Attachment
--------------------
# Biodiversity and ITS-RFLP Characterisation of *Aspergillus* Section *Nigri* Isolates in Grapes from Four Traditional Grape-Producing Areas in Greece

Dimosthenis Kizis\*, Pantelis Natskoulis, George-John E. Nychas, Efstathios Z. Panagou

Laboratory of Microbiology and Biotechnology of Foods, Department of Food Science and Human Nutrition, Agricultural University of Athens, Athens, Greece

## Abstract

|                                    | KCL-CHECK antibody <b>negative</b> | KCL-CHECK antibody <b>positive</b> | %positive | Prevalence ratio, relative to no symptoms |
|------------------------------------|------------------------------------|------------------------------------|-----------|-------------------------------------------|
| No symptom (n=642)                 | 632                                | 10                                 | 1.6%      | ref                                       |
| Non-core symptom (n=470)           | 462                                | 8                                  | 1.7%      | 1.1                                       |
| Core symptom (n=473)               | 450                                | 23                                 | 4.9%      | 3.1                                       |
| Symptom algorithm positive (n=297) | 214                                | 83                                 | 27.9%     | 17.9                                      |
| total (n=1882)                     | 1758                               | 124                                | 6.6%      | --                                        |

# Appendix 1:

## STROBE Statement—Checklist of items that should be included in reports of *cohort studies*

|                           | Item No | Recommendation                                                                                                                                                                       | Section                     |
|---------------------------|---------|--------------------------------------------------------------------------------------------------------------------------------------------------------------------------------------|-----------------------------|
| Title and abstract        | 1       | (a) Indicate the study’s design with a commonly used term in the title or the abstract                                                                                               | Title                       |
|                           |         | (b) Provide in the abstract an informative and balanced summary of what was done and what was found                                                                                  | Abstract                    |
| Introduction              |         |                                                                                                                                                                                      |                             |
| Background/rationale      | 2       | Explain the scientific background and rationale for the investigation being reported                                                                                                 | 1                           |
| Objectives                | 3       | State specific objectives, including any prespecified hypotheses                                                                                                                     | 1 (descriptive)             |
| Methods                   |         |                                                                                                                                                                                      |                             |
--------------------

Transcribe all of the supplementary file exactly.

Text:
# Biodiversity and ITS-RFLP Characterisation of *Aspergillus* Section *Nigri* Isolates in Grapes from Four Traditional Grape-Producing Areas in Greece

Dimosthenis Kizis\*, Pantelis Natskoulis, George-John E. Nychas, Efstathios Z. Panagou

Laboratory of Microbiology and Biotechnology of Foods, Department of Food Science and Human Nutrition, Agricultural University of Athens, Athens, Greece

## Abstract

|                                    | KCL-CHECK antibody <b>negative</b> | KCL-CHECK antibody <b>positive</b> | %positive | Prevalence ratio, relative to no symptoms |
|------------------------------------|------------------------------------|------------------------------------|-----------|-------------------------------------------|
| No symptom (n=642)                 | 632                                | 10                                 | 1.6%      | ref                                       |
| Non-core symptom (n=470)           | 462                                | 8                                  | 1.7%      | 1.1                                       |
| Core symptom (n=473)               | 450                                | 23                                 | 4.9%      | 3.1                                       |
| Symptom algorithm positive (n=297) | 214                                | 83                                 | 27.9%     | 17.9                                      |
| total (n=1882)                     | 1758                               | 124                                | 6.6%      | --                                        |

# Appendix 1:

## STROBE Statement—Checklist of items that should be included in reports of *cohort studies*

|                           | Item No | Recommendation                                                                                                                                                                       | Section                     |
|---------------------------|---------|--------------------------------------------------------------------------------------------------------------------------------------------------------------------------------------|-----------------------------|
| Title and abstract        | 1       | (a) Indicate the study’s design with a commonly used term in the title or the abstract                                                                                               | Title                       |
|                           |         | (b) Provide in the abstract an informative and balanced summary of what was done and what was found                                                                                  | Abstract                    |
| Introduction              |         |                                                                                                                                                                                      |                             |
| Background/rationale      | 2       | Explain the scientific background and rationale for the investigation being reported                                                                                                 | 1                           |
| Objectives                | 3       | State specific objectives, including any prespecified hypotheses                                                                                                                     | 1 (descriptive)             |
| Methods                   |         |                                                                                                                                                                                      |                             |